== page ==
“If Gollum is the soul of The Two Towers, its heart is the awesome battle at Helm’s Deep, which consumes nearly all of the film’s final hour…a breathtaking spectacle that builds slowly and ominously, adding layer upon layer of tension and gloom before exploding into an awe-inspiring pageant of bloody chaos.”
I realize I’m the only person on the planet who feels this way, but I have to confess I was not blown away by The Fellowship of the Ring, the first installment in director Peter Jackson’s epic Lord of the Rings trilogy. Yes, it was sweeping, and monumental, and visually stunning, but I found it somewhat monotonous – and even tedious – in its pedantic commitment to its literary source. Despite wonderful performances and great special effects, it was a bloated affair hampered not only by a frustratingly linear story, which saw the group trudging dutifully into one dangerous scenario after another, but also by a lack of drama; there was little, if any, doubt that our heroes would make it through their innumerable skirmishes unscathed.
Happily, The Two Towers improves upon its predecessor in every regard, with even greater performances, better special effects, and a much more engaging plot. The increasingly dark action weaves thrillingly between a trio of taught storylines that follow the now-splintered fellowship as they continue on their quest to save Middle-earth. On one end of the Tolkien universe, future king Aragorn (Viggo Mortensen), the Elf archer Legolas (Orlando Bloom) and Gimli the Dwarf (John Rhys-Davies) help the besieged kingdom of Rohan prepare for an eminent attack by a vast army of barbaric Uruk-hai. They’re aided in their endeavors by Gandalf (Ian McKellen), who, after plummeting to his death at the end of the last film, has been reborn and is now even more powerful than before. Elsewhere, Hobbits Merry (Dominic Monahan) and Pippin (Billy Boyd), escape from their captors and flee into a mysterious forest, where they find an unexpected ally in Treebeard, a lumbering, talking tree.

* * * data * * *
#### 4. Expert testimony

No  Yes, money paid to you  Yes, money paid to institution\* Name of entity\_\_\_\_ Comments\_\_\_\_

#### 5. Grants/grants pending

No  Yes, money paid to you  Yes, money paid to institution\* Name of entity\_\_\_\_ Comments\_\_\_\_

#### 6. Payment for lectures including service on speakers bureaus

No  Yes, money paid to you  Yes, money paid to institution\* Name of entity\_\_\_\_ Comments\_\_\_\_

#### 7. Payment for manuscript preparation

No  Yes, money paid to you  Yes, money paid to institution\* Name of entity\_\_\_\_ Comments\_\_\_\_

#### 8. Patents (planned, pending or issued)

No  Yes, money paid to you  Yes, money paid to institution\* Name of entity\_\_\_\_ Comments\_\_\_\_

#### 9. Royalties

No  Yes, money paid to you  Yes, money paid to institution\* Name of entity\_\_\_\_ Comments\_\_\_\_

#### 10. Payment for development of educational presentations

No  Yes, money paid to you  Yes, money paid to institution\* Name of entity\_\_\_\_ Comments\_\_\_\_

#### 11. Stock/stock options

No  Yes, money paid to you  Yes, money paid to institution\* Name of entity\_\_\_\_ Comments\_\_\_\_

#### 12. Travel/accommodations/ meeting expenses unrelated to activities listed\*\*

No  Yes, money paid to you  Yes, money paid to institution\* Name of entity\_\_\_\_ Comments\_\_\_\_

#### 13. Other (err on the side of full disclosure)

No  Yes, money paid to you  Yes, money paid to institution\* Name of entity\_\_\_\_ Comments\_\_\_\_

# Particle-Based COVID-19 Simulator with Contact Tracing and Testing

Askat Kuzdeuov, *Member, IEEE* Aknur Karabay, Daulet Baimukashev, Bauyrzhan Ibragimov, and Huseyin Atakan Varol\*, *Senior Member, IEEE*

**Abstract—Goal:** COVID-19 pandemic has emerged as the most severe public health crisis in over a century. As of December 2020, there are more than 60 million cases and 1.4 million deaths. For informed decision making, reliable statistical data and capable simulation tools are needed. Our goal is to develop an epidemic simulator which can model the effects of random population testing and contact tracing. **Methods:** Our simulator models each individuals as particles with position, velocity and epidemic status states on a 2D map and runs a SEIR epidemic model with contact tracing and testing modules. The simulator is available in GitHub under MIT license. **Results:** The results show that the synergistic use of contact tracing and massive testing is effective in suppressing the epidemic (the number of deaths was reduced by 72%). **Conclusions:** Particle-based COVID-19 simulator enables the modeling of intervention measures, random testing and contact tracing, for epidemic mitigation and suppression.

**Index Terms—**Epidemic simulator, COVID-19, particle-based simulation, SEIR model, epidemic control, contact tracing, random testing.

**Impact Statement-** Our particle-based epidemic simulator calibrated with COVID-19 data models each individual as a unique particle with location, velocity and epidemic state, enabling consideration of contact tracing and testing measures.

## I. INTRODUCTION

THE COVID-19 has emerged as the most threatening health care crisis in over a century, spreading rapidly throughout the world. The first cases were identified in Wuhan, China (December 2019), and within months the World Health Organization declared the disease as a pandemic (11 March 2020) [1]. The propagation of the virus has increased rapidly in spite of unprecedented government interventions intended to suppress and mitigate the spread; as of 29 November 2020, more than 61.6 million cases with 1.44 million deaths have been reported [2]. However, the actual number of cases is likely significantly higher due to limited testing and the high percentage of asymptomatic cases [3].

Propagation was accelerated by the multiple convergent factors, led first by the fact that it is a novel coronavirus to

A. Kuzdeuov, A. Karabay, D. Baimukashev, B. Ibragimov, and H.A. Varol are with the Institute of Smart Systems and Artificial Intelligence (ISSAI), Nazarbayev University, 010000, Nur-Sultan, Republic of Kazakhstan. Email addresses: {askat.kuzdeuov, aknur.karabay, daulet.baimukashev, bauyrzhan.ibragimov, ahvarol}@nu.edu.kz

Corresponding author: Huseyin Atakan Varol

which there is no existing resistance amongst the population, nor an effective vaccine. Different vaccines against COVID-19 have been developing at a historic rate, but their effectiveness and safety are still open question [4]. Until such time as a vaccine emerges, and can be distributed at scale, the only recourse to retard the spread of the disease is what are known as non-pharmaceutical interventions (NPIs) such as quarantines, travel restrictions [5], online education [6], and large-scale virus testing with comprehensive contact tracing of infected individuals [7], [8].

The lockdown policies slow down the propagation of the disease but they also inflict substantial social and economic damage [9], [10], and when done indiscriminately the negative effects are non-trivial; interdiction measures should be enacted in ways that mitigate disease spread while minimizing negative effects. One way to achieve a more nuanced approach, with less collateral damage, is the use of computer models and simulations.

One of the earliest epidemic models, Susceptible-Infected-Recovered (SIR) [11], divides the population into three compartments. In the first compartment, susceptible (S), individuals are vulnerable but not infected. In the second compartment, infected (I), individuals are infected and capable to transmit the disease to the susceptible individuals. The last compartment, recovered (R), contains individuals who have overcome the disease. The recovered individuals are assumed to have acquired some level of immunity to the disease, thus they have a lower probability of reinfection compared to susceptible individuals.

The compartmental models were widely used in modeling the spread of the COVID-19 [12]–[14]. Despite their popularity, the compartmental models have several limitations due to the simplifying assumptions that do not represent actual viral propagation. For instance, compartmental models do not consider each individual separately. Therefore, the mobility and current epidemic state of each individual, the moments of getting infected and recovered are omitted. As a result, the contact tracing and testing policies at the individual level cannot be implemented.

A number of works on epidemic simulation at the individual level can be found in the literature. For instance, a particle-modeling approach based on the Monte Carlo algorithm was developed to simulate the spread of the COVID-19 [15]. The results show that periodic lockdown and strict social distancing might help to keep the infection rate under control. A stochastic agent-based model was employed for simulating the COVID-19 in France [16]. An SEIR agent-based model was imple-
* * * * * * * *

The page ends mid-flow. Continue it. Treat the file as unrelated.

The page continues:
Meanwhile, Frodo (Elijah Wood) and his curiously devoted pal Sam (Sean Astin) make their way to Mordor to destroy the powerful ring responsible for the escalation in evil. The two are led by the spindly, goggle-eyed Gollum, the ring’s former possessor, who was seen briefly in Fellowship. A marvel of CGI wizardry, Gollum is the polar opposite of the Jar Jar Binkses of the cinematic world; those ill-fated computer-animated characters who only served to detract from the matters at hand. Remarkably lifelike and unquestionably affecting (not to mention utterly indispensable), he’s the true star of the The Two Towers. Conflicted by his desire to retrieve the ring for himself even as he wishes to faithfully serve Frodo, Gollum easily steals the limelight from that equally glassy-eyed Hobbit, who this time around is all but reduced to secondary character status.
If Gollum is the soul of The Two Towers, its heart is the awesome battle at Helm’s Deep, which consumes nearly all of the film’s final hour. Unlike the first film’s repetitive, one-note fight sequences, this one is a breathtaking spectacle that builds slowly and ominously, adding layer upon layer of tension and gloom before exploding into an awe-inspiring pageant of bloody chaos. And this time, the outcome is never quite as certain.
Therein lies an important distinction. Fellowship often felt less like a movie than a grueling theme-park ride, with its misty-eyed magic and “wait-til-you-see-what-I-can-do-next” showmanship substituting for actual dramatic conflict. The Two Towers offers more than its share of enchanting moments, including a spine-tingling summit of ancient Tree shepherds and the aforementioned battle, but they’re grounded somehow in a way that emphasizes their significance to the matters at hand. It’s as if Jackson, having clearly established his talent for flashy displays of filmmaking prowess, has relaxed enough to let the story do the dazzling for him.
Michael Rucker writes about film for In Touch and HX magazines, and is a regular contributor to Gay City News.